In mid-1999, because of her husband’s work, Marie sold the travel agency and moved to Jackson, MS, then New York City, Anna Maria Island, FL, and Arlington, VA.  She and her husband now live in Memphis, TN and Holly Springs, MS.

Marie and her mystery novels have been featured in Click! Magazine, At Home Memphis and MidSouth Magazine, Portico Magazine, and Southern Writer’s Magazine.  She has been a guest on WREG’s Live at 9, BookTalk, and The Earle Farrell Show.  She has given 30 minute presentations: Whodunnit? Crafting the Mystery Novel and Finding A New Career in Mid-life to numerous civic groups, senior citizens groups, libraries, and from The Balancing Act Stage as part of the program of The Southern Women’s Show. She has served as a program panelist for Malice Domestic Mystery Conference (Bethesda, MD, 2012 and 2013) and Killer Nashville Mystery Conference (2013). In 2013, Marie’s books were specially chosen for inclusion in the onboard libraries of all the Holland America and Seabourn Cruise Line ships. GAME DRIVE, Book 2 in The Sidney Marsh Murder Mystery Series, was named Finalist in Foreword Review’s 2013 Mystery Book of the Year. Marie is a member of Sisters in Crime and Mystery Writers of America. 

Author Links:
Twitter: @ mariemmysteries 

Purchase Links
Amazon B&N

Win an eBook copy of Side Trip to Kathmandu.
a Rafflecopter giveaway 

Guest Post and Giveaway: Tillie's Tale by by Mindy Mymudes


Who is the mysterious ghosty haunting puppygirl Tillie? And why? George, the magical basset hound familiar is on the trail.

It’s not often a basset hound puppy is haunted by an unhappy ghost, but George’s packmate, Tillie, manages to attract one. George and Tillie need to find out how to help the ghost before she turns into a poultry-ghost.

GUEST POST by Mindy Mymudes:  My favorite dog breeds

Mindy:  I think you’re trying to get me in trouble. I live with a pack of English Springer Spaniels and my muse is a very egotistical Basset Hound. I’m going to make them all very unhappy if I have to choose any other breeds besides them or their friends. Unhappy dogs fart in my face, bring me live squirrels, rabbit, and birds, and steal my food. Oh, wait, they do that anyway.

I love all dog breeds, even though Springers are the breed I’ve lived with most of my life. They are hunting dogs, bred to stay close to hunters and spring (flush) birds out of the grass and retrieve it back to their handler. That means I have Velcro dogs that like to sleep on my head. Or legs. Or chest. Preferable across my head and they like to roll each other off so they can take the spot. Grandmother Chrystal, mother Cera, and Freaky Beak, her daughter, take up more space on the bed than my 6’4 husband. They are very easy to train, very busy (read, they like to play outside and get lots of exercise), and usually settle on the couch or on my foot in the house when I’m doing something that doesn’t include me. Most of the Springers I know have a wicked sense of humor. Or at least think they do.

I’ve been an instructor at obedience clubs for years as well as an AKC judge, and have found a lot of breeds I adore. I take care of Whippets for friends during the day. A smaller relative of the greyhound, they are more catlike than my spaniels. Very active and smart, they aren’t as close working as the Springers, and Whippets aren’t really into perfect competition obedience, either. A lot of fun, and they’re a lot easier to groom.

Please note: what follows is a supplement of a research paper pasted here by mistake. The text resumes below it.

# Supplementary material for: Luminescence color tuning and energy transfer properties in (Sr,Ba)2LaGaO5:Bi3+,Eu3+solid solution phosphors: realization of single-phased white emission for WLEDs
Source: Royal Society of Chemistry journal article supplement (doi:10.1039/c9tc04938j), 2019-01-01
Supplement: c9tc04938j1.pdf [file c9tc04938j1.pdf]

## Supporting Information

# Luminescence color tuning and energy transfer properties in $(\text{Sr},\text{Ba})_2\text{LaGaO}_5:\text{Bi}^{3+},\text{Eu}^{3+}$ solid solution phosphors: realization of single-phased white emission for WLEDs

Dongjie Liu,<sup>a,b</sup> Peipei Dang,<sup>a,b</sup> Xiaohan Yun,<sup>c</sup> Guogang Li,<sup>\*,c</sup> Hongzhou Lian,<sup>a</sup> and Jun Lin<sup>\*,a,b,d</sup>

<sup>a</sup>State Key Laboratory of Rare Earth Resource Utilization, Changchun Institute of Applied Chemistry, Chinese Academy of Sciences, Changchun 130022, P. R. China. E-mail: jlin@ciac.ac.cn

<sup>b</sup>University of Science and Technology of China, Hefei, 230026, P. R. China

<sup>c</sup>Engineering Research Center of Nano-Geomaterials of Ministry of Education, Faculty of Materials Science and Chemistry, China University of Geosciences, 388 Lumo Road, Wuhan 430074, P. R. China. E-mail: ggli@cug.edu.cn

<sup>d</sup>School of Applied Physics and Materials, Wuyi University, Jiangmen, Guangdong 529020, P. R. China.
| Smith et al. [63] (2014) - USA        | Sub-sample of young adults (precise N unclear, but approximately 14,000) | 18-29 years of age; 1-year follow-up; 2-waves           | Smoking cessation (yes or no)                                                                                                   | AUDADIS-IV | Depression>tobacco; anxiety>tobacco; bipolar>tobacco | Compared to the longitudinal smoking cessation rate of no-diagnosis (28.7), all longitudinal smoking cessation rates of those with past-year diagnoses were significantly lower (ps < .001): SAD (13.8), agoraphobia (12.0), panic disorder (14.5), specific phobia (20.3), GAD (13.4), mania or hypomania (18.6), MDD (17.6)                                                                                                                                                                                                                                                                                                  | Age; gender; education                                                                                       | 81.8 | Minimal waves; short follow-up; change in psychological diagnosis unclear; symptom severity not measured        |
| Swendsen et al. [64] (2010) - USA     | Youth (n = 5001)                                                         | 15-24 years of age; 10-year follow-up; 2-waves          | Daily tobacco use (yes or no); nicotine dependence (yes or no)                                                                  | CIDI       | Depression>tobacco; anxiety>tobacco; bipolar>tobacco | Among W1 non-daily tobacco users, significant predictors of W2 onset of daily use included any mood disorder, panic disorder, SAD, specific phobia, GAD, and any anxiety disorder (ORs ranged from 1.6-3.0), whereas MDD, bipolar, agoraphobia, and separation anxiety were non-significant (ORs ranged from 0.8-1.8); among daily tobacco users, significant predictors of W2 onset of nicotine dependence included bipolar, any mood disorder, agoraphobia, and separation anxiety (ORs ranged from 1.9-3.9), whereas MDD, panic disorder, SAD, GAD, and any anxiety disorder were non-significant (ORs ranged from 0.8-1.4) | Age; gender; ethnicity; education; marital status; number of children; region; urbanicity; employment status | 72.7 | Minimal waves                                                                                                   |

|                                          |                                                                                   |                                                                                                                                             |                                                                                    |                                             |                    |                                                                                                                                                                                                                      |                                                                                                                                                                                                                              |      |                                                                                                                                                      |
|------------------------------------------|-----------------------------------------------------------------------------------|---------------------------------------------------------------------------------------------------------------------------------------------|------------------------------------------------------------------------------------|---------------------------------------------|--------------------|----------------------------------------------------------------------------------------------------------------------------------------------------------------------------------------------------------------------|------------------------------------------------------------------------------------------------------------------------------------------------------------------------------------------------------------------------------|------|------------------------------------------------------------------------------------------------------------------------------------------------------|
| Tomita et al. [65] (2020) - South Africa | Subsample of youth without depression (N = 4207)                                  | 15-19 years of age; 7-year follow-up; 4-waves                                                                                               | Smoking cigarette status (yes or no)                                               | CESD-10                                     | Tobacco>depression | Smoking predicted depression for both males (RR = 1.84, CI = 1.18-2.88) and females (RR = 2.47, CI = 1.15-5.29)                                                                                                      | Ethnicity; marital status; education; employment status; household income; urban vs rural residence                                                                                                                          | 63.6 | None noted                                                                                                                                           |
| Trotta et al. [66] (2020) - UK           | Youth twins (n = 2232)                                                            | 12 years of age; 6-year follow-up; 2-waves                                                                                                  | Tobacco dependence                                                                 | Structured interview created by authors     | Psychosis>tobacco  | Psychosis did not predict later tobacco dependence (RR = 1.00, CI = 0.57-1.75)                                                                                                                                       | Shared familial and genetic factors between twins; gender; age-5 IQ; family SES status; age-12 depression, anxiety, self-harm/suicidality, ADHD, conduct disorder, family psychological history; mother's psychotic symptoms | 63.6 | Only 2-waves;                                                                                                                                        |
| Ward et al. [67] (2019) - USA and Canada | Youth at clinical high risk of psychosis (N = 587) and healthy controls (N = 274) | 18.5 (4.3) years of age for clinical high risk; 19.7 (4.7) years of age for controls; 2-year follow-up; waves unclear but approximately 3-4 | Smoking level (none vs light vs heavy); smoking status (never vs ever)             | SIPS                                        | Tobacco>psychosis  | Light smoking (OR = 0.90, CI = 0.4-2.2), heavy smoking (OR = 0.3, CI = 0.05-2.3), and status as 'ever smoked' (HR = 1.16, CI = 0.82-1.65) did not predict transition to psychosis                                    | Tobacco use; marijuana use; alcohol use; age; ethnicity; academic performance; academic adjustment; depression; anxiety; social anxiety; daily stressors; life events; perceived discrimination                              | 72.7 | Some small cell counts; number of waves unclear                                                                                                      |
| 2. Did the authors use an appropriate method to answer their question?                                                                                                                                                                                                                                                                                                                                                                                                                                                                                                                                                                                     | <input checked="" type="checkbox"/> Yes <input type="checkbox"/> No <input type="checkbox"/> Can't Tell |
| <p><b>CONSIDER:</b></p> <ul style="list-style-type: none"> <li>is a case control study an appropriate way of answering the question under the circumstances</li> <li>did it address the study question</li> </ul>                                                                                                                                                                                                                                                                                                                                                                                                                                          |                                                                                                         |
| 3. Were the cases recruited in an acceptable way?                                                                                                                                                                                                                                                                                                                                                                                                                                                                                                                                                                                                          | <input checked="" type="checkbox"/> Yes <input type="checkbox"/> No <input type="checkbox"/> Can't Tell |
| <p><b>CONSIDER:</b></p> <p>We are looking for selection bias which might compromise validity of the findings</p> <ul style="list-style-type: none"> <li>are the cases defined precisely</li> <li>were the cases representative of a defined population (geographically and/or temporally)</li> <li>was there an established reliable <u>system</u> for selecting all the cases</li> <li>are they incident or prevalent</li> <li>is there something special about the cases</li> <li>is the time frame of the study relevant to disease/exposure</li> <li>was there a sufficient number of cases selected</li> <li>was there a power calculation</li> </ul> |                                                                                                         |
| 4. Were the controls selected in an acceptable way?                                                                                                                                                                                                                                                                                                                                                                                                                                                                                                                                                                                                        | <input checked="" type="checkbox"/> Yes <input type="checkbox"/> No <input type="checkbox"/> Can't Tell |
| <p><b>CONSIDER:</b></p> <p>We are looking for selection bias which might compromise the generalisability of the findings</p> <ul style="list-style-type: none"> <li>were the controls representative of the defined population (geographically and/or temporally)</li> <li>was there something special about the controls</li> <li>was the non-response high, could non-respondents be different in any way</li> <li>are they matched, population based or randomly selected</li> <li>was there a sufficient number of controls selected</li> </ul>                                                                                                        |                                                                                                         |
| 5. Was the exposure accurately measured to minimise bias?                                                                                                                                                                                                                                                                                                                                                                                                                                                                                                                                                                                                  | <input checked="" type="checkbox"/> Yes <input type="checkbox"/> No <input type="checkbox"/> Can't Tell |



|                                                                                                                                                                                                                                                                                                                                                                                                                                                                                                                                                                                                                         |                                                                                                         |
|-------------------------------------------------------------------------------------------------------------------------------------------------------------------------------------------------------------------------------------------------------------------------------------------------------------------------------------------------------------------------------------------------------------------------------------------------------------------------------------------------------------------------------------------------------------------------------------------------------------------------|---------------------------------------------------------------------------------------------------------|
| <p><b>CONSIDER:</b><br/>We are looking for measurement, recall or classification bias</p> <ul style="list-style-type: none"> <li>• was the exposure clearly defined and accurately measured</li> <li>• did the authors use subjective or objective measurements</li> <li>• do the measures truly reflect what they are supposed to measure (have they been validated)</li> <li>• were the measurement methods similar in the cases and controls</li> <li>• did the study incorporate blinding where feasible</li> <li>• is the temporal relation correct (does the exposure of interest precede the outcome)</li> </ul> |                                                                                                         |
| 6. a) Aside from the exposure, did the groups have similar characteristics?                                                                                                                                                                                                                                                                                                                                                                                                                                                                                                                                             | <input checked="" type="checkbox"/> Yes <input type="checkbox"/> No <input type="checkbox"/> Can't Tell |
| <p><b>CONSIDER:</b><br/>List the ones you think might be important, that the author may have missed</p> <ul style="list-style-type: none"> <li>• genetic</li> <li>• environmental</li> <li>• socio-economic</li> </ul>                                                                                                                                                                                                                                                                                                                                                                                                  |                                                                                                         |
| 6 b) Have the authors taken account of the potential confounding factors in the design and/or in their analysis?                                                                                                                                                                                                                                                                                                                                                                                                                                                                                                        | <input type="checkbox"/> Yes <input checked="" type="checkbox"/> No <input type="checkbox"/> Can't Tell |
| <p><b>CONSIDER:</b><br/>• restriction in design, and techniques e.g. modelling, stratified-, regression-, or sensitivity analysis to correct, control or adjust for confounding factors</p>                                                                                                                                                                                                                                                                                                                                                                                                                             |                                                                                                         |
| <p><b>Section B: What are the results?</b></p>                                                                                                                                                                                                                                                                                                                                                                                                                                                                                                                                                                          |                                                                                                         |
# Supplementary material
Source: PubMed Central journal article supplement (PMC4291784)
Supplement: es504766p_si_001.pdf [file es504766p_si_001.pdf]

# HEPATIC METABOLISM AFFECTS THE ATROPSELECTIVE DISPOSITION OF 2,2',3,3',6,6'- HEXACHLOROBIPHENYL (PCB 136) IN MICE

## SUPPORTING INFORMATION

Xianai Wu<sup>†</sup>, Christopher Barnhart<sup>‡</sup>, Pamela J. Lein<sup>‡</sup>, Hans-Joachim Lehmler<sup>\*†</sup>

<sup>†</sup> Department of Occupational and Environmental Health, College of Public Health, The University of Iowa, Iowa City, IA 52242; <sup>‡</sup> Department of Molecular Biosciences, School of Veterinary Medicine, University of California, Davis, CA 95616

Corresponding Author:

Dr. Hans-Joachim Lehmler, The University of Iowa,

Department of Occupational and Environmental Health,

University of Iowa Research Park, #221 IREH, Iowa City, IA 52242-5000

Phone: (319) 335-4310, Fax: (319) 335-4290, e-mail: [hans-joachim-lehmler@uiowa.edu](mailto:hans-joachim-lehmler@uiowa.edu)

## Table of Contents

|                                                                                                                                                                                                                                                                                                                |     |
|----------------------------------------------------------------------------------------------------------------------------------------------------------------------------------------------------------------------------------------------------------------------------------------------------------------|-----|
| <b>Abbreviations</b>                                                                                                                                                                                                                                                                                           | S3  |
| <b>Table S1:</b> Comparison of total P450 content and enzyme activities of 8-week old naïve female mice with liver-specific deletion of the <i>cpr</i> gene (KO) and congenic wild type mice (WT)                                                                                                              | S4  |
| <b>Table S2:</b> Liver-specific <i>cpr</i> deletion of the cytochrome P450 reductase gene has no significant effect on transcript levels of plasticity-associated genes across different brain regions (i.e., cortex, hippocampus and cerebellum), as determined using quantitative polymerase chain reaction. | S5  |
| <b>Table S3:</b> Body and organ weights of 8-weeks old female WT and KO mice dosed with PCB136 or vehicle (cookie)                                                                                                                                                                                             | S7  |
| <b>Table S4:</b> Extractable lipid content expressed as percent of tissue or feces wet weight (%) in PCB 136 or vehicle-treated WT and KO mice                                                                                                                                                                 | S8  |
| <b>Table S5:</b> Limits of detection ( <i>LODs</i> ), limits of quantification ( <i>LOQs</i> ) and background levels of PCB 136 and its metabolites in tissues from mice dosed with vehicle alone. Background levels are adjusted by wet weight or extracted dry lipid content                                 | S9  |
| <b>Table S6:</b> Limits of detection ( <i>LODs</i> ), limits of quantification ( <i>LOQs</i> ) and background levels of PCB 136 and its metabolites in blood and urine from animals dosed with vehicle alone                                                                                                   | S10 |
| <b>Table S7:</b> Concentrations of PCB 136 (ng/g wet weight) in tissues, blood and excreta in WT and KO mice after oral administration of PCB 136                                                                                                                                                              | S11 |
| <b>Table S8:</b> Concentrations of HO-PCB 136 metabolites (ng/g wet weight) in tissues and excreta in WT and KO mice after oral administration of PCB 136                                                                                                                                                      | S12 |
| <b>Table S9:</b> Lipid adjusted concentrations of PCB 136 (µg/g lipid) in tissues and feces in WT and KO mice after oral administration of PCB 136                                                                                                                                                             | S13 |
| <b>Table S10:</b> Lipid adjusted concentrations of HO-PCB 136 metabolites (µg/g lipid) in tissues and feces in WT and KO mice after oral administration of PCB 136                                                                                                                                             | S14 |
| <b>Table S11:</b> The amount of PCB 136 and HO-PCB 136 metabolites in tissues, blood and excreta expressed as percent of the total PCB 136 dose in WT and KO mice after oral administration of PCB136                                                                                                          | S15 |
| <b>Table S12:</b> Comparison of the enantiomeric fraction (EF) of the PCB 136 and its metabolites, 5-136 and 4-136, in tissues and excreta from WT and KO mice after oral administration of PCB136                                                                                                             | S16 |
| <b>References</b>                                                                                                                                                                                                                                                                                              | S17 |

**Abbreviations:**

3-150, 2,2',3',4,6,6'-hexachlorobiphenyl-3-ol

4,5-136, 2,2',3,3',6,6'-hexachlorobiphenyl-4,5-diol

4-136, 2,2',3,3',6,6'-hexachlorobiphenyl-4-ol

Papillons are a small breed of spaniel that I’ve always admired. Very sweet and smart, my biggest worry is stomping on them. I always thought they’d make a great retirement dog, as long as I carried it.

The longhaired miniature Dachshund are just plain cute. Short legs, happy faces, they make me smile. I love to judge them in rally obedience.

Border Collies are far smarter than I will ever be. While I think they are beautiful and admire them in competition, it’s likely I’d drive one crazy.

Then there are…

George:  Do you really think this is all about you? I hired you for your hands, not for your mouth. You’re my secret-ary, not my translator. There is simply one breed that is everyone’s favorite, the Basset Hound. We’re perfect, soft, cuddly and smart, with great hair. Well, almost every Basset has great hair. I love my snuggums, but she has had a bad hair day since we met.

Mindy: That’s because Phoebe isn’t a Basset Hound. She’s a PBGV.

George:  She’s alphabet soup? You really are going crazy. I should put an ad in the paper for a new employee.

Mindy: Not alphabet soup, stop thinking with your stomach. She’s a PBGV, a Petit Basset Griffon Vendéen, pronounced "Puh-TEE Bah-SAY Gree-FOHN VON-day-uhn.

George:   That’s just a fancy way to say Basset. I know my sweetlips loves me to bark in French to her. Oh, my sweet Bah-SAY. Shame she can’t do something with her coat.


Tillie’s tail is spinning in circles. She’s staring at a filmy thing sitting on the steps of an old, rough-brick building. I know it’s really a large Peeps’ den, but since it’s bad to be in the dog house, I assume it’s bad to be in a house. Why don’t they just call it a den if houses are so bad? From the smelltaste of cooking, Peeps, dust, skin, and the other stuff Peeps like, there are many small dens inside. Tillie “wrrrrrtttles” again and adds a soft “wuff.” Her front goes down into a play bow. The thing she’s trying to get to play is shimmery and clear, with thick and thin spots swimming on the surface.

“Snoof. Snuffle” I lick my lips. There’s a disturbing smelltaste of dustmoldlightningozone.

Oh mousefleas.

It’s a ghosty.

Mindy will be awarding a $25 Amazon or B/N GC to a randomly drawn winner via rafflecopter during the tour.